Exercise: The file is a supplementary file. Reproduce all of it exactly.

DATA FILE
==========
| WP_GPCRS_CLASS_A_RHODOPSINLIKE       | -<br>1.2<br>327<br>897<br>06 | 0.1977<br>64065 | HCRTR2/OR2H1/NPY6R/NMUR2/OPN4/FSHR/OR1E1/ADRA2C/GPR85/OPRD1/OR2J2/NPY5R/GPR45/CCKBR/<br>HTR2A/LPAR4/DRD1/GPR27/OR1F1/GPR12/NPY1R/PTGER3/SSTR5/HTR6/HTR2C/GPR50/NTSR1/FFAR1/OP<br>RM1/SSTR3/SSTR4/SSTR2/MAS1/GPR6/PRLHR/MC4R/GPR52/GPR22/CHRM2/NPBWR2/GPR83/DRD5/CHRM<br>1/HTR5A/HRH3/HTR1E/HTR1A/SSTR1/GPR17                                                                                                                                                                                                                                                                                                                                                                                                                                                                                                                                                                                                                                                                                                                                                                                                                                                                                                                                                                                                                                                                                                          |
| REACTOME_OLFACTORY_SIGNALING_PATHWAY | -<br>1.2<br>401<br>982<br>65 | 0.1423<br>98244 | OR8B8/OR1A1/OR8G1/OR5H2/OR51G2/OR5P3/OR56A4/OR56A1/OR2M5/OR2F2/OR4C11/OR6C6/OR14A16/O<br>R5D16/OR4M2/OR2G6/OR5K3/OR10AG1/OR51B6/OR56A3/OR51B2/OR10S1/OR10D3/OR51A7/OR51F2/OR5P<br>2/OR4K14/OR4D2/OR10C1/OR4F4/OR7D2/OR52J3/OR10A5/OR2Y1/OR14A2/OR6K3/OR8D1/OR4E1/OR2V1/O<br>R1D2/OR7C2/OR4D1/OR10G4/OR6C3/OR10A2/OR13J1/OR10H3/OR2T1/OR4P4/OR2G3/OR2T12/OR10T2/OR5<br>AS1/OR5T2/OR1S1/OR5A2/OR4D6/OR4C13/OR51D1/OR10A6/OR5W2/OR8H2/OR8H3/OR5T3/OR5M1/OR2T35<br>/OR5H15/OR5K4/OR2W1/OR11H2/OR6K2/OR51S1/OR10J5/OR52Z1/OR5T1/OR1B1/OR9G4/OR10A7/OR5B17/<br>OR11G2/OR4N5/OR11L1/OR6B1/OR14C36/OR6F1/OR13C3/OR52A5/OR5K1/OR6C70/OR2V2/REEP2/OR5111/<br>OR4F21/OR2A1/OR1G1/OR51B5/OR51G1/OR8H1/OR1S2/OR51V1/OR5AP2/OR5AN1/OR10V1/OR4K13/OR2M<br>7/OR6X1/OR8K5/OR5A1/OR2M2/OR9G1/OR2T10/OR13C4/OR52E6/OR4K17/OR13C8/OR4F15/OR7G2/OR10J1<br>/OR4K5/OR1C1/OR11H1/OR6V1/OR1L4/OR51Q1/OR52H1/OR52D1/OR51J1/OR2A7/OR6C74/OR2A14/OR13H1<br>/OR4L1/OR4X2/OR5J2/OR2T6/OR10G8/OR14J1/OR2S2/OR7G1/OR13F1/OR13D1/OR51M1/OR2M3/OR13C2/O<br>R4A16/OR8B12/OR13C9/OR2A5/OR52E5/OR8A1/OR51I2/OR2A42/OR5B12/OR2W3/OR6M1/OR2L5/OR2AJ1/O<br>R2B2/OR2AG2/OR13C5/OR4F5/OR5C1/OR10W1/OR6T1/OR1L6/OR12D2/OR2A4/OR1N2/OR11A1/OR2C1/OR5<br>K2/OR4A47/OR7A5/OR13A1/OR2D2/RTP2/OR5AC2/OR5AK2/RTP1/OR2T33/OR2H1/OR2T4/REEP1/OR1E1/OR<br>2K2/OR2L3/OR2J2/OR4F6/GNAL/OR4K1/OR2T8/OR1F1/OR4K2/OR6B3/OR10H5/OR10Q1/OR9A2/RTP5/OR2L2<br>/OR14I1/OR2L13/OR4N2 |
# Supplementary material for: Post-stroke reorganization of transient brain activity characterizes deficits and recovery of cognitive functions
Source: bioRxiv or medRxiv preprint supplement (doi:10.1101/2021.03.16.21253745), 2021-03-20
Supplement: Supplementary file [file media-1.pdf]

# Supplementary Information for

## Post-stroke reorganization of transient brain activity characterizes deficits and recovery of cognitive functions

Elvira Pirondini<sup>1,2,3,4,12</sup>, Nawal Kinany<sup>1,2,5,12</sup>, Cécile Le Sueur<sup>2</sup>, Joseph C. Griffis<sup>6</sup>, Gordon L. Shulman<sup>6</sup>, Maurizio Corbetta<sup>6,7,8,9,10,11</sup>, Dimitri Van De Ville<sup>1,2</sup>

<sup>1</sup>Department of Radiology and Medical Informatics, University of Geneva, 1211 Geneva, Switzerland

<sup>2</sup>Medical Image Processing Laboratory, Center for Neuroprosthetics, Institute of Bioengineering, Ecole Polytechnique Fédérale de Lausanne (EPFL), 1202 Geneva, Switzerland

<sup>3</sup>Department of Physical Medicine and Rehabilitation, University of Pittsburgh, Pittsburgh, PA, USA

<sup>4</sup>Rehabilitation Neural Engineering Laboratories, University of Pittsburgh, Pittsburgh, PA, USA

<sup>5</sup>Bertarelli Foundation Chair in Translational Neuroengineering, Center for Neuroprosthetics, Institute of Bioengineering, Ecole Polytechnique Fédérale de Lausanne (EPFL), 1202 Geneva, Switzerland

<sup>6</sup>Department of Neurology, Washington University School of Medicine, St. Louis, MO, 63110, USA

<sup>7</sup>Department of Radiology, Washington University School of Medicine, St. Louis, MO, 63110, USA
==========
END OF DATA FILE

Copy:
| WP_GPCRS_CLASS_A_RHODOPSINLIKE       | -<br>1.2<br>327<br>897<br>06 | 0.1977<br>64065 | HCRTR2/OR2H1/NPY6R/NMUR2/OPN4/FSHR/OR1E1/ADRA2C/GPR85/OPRD1/OR2J2/NPY5R/GPR45/CCKBR/<br>HTR2A/LPAR4/DRD1/GPR27/OR1F1/GPR12/NPY1R/PTGER3/SSTR5/HTR6/HTR2C/GPR50/NTSR1/FFAR1/OP<br>RM1/SSTR3/SSTR4/SSTR2/MAS1/GPR6/PRLHR/MC4R/GPR52/GPR22/CHRM2/NPBWR2/GPR83/DRD5/CHRM<br>1/HTR5A/HRH3/HTR1E/HTR1A/SSTR1/GPR17                                                                                                                                                                                                                                                                                                                                                                                                                                                                                                                                                                                                                                                                                                                                                                                                                                                                                                                                                                                                                                                                                                          |
| REACTOME_OLFACTORY_SIGNALING_PATHWAY | -<br>1.2<br>401<br>982<br>65 | 0.1423<br>98244 | OR8B8/OR1A1/OR8G1/OR5H2/OR51G2/OR5P3/OR56A4/OR56A1/OR2M5/OR2F2/OR4C11/OR6C6/OR14A16/O<br>R5D16/OR4M2/OR2G6/OR5K3/OR10AG1/OR51B6/OR56A3/OR51B2/OR10S1/OR10D3/OR51A7/OR51F2/OR5P<br>2/OR4K14/OR4D2/OR10C1/OR4F4/OR7D2/OR52J3/OR10A5/OR2Y1/OR14A2/OR6K3/OR8D1/OR4E1/OR2V1/O<br>R1D2/OR7C2/OR4D1/OR10G4/OR6C3/OR10A2/OR13J1/OR10H3/OR2T1/OR4P4/OR2G3/OR2T12/OR10T2/OR5<br>AS1/OR5T2/OR1S1/OR5A2/OR4D6/OR4C13/OR51D1/OR10A6/OR5W2/OR8H2/OR8H3/OR5T3/OR5M1/OR2T35<br>/OR5H15/OR5K4/OR2W1/OR11H2/OR6K2/OR51S1/OR10J5/OR52Z1/OR5T1/OR1B1/OR9G4/OR10A7/OR5B17/<br>OR11G2/OR4N5/OR11L1/OR6B1/OR14C36/OR6F1/OR13C3/OR52A5/OR5K1/OR6C70/OR2V2/REEP2/OR5111/<br>OR4F21/OR2A1/OR1G1/OR51B5/OR51G1/OR8H1/OR1S2/OR51V1/OR5AP2/OR5AN1/OR10V1/OR4K13/OR2M<br>7/OR6X1/OR8K5/OR5A1/OR2M2/OR9G1/OR2T10/OR13C4/OR52E6/OR4K17/OR13C8/OR4F15/OR7G2/OR10J1<br>/OR4K5/OR1C1/OR11H1/OR6V1/OR1L4/OR51Q1/OR52H1/OR52D1/OR51J1/OR2A7/OR6C74/OR2A14/OR13H1<br>/OR4L1/OR4X2/OR5J2/OR2T6/OR10G8/OR14J1/OR2S2/OR7G1/OR13F1/OR13D1/OR51M1/OR2M3/OR13C2/O<br>R4A16/OR8B12/OR13C9/OR2A5/OR52E5/OR8A1/OR51I2/OR2A42/OR5B12/OR2W3/OR6M1/OR2L5/OR2AJ1/O<br>R2B2/OR2AG2/OR13C5/OR4F5/OR5C1/OR10W1/OR6T1/OR1L6/OR12D2/OR2A4/OR1N2/OR11A1/OR2C1/OR5<br>K2/OR4A47/OR7A5/OR13A1/OR2D2/RTP2/OR5AC2/OR5AK2/RTP1/OR2T33/OR2H1/OR2T4/REEP1/OR1E1/OR<br>2K2/OR2L3/OR2J2/OR4F6/GNAL/OR4K1/OR2T8/OR1F1/OR4K2/OR6B3/OR10H5/OR10Q1/OR9A2/RTP5/OR2L2<br>/OR14I1/OR2L13/OR4N2 |
# Supplementary material for: Post-stroke reorganization of transient brain activity characterizes deficits and recovery of cognitive functions
Source: bioRxiv or medRxiv preprint supplement (doi:10.1101/2021.03.16.21253745), 2021-03-20
Supplement: Supplementary file [file media-1.pdf]

# Supplementary Information for

## Post-stroke reorganization of transient brain activity characterizes deficits and recovery of cognitive functions

Elvira Pirondini<sup>1,2,3,4,12</sup>, Nawal Kinany<sup>1,2,5,12</sup>, Cécile Le Sueur<sup>2</sup>, Joseph C. Griffis<sup>6</sup>, Gordon L. Shulman<sup>6</sup>, Maurizio Corbetta<sup>6,7,8,9,10,11</sup>, Dimitri Van De Ville<sup>1,2</sup>

<sup>1</sup>Department of Radiology and Medical Informatics, University of Geneva, 1211 Geneva, Switzerland

<sup>2</sup>Medical Image Processing Laboratory, Center for Neuroprosthetics, Institute of Bioengineering, Ecole Polytechnique Fédérale de Lausanne (EPFL), 1202 Geneva, Switzerland

<sup>3</sup>Department of Physical Medicine and Rehabilitation, University of Pittsburgh, Pittsburgh, PA, USA

<sup>4</sup>Rehabilitation Neural Engineering Laboratories, University of Pittsburgh, Pittsburgh, PA, USA

<sup>5</sup>Bertarelli Foundation Chair in Translational Neuroengineering, Center for Neuroprosthetics, Institute of Bioengineering, Ecole Polytechnique Fédérale de Lausanne (EPFL), 1202 Geneva, Switzerland

<sup>6</sup>Department of Neurology, Washington University School of Medicine, St. Louis, MO, 63110, USA

<sup>7</sup>Department of Radiology, Washington University School of Medicine, St. Louis, MO, 63110, USA